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Football, 1986. Oil on canvas, 70 x 50 inches

Football, 1986
Oil on canvas
70 x 50 inches

Mirror and Shell, 1981. Oil on canvas, 54 x 48 inches

Mirror and Shell, 1981
Oil on canvas
54 x 48 inches

Scat!, 1986. Oil on canvas, 54 x 85 inches

Scat!, 1986
Oil on canvas
54 x 85 inches

Whoops!, 1986. Oil on canvas, 46 x 46 inches

Whoops!, 1986
Oil on canvas
46 x 46 inches

Barn Raising, 1989. Oil on canvas, 84 x 54 inches

Barn Raising, 1989
Oil on canvas
84 x 54 inches

Daffodils and Spring Trees, 1988. Oil on linen, 60 x 48 inches

Daffodils and Spring Trees, 1988
Oil on linen
60 x 48 inches

Tulips and Grey Cat, 1989. Oil on canvas, 60 x 70 inches

Tulips and Grey Cat, 1989
Oil on canvas
60 x 70 inches

Hercules, 1986. Oil on canvas, 60 x 70 inches

Hercules, 1986
Oil on canvas
60 x 70 inches

Self Portrait, 1983. Pastel on paper, 24 x 18 inches

Self Portrait, 1983
Pastel on paper
24 x 18 inches

Cheese Sandwich, 1984. Pastel on paper, 38 1/2 x 26 1/2 inches

Cheese Sandwich, 1984
Pastel on paper
38 1/2 x 26 1/2 inches

Tarot, 1987. Watercolor, gouache, and pencil on paper, 29 1/2 x 39 inches

Tarot, 1987
Watercolor, gouache, and pencil on paper
29 1/2 x 39 inches

Jelly Roll and Car, 1988. Watercolor on paper, 20 3/4 x 40 3/4 inches

Jelly Roll and Car, 1988
Watercolor on paper
20 3/4 x 40 3/4 inches

Apple Blossom & Tea Pot, 1988. Watercolor, gouache, and pencil on paper, 24 3/4 x 40 inches

Apple Blossom & Tea Pot, 1988
Watercolor, gouache, and pencil on paper
24 3/4 x 40 inches

End of Summer, 1988. Watercolor on paper, 29 3/4 x 22 1/2 inches

End of Summer, 1988
Watercolor on paper
29 3/4 x 22 1/2 inches

Grapefruit and Fruitloops, 1989. Watercolor and pencil on paper, 20 x 23 inches

Grapefruit and Fruitloops, 1989
Watercolor and pencil on paper
20 x 23 inches

Press Release

I don’t like hierarchies, it’s the environment of the picture that I’m interested in, one thing pulling against another, one area commenting on another…I work to present a situation in which things are interrelated and connected through a flow of movement, light, and color from one form to another.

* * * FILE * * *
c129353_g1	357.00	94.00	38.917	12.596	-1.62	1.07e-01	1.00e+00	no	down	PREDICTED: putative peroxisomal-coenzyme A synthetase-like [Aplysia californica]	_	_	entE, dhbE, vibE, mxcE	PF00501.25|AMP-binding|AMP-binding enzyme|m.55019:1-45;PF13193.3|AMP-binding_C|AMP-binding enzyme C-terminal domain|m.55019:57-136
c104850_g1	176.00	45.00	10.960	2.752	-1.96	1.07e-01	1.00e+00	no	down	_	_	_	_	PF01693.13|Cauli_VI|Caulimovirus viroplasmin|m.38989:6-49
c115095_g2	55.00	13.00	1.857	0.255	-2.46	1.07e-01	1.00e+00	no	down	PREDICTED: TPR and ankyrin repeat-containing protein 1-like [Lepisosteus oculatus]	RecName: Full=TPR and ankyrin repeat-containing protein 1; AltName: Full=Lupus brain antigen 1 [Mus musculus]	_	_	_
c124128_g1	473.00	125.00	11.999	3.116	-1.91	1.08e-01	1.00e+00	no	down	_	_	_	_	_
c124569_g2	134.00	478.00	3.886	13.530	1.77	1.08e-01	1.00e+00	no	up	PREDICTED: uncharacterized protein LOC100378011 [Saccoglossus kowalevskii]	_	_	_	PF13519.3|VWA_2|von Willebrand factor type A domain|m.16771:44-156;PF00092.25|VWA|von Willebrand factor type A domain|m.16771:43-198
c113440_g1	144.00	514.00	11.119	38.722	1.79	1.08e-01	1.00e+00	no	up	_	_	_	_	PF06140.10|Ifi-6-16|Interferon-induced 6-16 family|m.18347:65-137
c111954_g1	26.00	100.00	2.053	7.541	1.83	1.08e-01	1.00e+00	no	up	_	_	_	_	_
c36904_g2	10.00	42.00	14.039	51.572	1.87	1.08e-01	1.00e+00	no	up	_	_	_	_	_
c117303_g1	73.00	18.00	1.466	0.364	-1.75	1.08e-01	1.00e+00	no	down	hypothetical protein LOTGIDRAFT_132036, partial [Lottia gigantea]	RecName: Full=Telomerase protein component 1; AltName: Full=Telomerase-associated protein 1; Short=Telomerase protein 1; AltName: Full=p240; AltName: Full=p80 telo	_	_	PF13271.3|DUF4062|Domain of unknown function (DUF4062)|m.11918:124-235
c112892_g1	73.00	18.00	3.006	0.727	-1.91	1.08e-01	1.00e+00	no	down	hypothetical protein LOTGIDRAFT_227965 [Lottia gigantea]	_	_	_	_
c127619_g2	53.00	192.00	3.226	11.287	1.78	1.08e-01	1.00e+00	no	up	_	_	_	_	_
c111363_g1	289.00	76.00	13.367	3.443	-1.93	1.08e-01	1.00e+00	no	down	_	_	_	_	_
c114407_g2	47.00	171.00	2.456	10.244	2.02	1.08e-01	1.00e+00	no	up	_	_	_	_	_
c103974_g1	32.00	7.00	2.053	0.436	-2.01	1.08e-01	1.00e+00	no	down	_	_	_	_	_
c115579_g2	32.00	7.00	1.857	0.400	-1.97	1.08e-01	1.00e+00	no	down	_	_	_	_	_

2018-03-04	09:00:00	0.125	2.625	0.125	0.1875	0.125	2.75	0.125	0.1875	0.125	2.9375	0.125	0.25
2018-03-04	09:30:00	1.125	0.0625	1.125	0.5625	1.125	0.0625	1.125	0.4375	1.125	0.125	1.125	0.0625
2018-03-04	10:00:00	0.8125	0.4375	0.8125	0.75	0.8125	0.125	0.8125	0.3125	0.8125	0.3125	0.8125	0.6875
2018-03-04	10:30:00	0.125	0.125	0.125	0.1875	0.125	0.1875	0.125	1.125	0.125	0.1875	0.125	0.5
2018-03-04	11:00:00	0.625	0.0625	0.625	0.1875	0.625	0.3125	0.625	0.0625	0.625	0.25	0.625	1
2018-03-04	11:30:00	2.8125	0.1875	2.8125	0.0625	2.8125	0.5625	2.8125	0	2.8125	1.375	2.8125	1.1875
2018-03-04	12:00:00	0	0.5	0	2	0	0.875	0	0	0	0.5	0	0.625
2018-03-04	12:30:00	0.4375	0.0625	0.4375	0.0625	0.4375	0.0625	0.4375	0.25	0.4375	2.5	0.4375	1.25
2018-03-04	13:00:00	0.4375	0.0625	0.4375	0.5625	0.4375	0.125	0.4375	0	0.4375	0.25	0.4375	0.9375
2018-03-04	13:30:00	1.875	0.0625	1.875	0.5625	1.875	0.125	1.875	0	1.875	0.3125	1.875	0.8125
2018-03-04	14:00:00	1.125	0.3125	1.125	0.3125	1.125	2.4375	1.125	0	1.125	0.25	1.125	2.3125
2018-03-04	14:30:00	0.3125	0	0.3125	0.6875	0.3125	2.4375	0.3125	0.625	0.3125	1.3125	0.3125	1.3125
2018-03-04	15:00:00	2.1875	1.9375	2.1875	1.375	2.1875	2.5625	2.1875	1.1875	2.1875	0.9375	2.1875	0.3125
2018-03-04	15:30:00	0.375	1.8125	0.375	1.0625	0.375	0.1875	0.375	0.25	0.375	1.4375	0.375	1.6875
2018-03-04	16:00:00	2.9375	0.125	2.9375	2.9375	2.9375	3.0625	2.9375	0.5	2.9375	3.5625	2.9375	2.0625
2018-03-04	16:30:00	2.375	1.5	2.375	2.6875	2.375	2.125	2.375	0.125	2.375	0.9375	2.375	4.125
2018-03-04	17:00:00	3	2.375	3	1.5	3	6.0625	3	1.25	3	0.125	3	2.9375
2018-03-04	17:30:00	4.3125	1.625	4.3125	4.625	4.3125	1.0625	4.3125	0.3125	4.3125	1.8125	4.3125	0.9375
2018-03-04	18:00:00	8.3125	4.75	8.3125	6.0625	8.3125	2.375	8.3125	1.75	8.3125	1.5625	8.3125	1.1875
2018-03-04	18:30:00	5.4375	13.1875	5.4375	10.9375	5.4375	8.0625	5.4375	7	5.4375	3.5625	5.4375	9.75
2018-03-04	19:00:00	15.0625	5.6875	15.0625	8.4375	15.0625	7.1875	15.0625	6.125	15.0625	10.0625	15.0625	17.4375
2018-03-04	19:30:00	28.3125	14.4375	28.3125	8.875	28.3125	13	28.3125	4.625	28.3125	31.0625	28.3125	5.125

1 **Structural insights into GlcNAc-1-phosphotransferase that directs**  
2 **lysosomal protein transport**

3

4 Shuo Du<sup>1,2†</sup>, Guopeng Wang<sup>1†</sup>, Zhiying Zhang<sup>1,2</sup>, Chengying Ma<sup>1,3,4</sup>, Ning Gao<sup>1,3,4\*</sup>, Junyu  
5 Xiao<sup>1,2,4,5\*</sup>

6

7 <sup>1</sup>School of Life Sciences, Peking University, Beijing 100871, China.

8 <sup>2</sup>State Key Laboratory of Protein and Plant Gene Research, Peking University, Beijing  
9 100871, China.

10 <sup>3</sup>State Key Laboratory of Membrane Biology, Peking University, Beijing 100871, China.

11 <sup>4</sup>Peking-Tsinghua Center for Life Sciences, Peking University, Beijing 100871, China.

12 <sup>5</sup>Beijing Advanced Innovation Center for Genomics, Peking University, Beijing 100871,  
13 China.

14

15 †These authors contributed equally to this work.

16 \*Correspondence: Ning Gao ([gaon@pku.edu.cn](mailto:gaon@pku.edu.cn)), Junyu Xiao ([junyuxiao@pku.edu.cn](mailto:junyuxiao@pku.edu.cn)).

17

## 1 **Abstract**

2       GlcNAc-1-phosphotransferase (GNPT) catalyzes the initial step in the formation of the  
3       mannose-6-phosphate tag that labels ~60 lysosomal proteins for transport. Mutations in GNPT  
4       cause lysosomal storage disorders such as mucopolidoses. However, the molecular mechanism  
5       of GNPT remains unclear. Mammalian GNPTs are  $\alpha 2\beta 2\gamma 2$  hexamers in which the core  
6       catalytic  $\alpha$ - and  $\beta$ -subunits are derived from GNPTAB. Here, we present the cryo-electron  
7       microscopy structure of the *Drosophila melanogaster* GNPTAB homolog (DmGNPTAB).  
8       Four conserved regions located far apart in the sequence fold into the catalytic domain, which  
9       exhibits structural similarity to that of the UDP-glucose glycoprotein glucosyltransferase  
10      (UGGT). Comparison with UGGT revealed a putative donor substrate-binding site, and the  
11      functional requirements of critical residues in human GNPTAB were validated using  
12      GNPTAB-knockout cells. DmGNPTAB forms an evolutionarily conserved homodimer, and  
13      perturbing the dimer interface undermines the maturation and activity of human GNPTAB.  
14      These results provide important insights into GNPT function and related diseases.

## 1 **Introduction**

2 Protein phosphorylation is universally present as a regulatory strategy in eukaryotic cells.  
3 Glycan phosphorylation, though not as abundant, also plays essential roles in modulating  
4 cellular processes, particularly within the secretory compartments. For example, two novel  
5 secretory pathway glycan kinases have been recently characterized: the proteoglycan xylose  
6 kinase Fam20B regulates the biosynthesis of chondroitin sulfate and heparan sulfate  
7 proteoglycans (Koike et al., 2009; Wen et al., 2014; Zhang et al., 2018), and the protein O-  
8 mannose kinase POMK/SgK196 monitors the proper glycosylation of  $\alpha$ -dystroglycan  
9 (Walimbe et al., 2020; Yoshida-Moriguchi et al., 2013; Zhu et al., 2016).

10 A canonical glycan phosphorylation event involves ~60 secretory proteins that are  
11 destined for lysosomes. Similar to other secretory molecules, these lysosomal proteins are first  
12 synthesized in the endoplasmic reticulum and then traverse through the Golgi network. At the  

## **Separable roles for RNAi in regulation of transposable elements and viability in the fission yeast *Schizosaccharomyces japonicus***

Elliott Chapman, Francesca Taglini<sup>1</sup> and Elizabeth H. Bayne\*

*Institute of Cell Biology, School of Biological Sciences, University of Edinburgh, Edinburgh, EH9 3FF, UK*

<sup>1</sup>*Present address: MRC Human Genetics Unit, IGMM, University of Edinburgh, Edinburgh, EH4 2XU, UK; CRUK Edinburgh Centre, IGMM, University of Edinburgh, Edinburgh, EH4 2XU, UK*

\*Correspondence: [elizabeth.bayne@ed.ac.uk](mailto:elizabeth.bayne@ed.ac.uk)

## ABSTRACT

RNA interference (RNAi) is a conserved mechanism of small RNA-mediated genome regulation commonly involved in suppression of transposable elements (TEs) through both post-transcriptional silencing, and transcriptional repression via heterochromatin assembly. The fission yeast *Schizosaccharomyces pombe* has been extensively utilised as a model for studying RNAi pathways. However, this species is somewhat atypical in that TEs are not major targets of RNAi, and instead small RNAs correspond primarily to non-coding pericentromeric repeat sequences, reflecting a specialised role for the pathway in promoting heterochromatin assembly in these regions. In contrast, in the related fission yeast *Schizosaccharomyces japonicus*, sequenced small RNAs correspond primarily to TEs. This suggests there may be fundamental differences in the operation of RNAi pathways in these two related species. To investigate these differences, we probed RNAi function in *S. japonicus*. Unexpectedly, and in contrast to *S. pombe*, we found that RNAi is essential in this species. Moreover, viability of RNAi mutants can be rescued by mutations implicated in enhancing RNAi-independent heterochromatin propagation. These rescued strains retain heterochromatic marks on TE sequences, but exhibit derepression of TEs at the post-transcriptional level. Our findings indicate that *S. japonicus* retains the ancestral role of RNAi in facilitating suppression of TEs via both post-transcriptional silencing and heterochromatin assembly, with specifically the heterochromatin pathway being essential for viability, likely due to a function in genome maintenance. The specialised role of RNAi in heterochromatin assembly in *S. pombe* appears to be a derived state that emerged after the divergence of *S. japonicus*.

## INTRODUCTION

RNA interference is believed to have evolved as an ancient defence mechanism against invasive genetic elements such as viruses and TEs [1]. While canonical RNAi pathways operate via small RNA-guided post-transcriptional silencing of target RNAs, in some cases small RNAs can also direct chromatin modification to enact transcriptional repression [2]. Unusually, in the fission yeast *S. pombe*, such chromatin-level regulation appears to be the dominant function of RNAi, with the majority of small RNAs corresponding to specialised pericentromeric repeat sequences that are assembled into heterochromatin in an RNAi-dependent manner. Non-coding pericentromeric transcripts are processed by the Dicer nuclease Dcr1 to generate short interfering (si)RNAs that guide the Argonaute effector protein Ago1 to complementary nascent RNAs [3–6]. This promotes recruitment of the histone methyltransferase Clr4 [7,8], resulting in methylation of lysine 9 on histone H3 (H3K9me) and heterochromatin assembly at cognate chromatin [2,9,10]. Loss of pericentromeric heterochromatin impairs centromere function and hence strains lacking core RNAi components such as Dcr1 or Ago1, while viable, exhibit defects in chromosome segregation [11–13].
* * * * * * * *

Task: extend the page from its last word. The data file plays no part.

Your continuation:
– Janet Fish

DC Moore Gallery is pleased to present Janet Fish: Beyond the Still Life, an exhibition of Janet Fish’s paintings and works on paper from the 1980s. This exhibition offers a rare opportunity to see paintings from this period with their profuse compositions of complex objects, active brushwork, vibrant color, and sweeping scale.

Janet Fish was born in Boston in 1938 and, from the age of ten, grew up in Bermuda, to which she attributes her own fascination with bright light and intense color. After attending Smith College, Fish received her MFA from Yale University in 1963, where she was a part of a cohort of diverse artists that included Chuck Close, Richard Serra, Robert Mangold, Rackstraw Downes, Nancy Graves, Sylvia Plimack Mangold, and Brice Marden. This group was intense, ambitious, and competitive, motivating one another to develop and defend their work. At Yale, Fish was taught Abstract Expressionism, the predominant painting style of the time, which focused on the subconscious and emotional state of the artist. Encouraged by Alex Katz, her teacher during her summer of 1962 at The Skowhegan School and Painting & Sculpture, Fish began capturing the physical world through painting landscapes, proving to be a breakthrough in her artistic practice.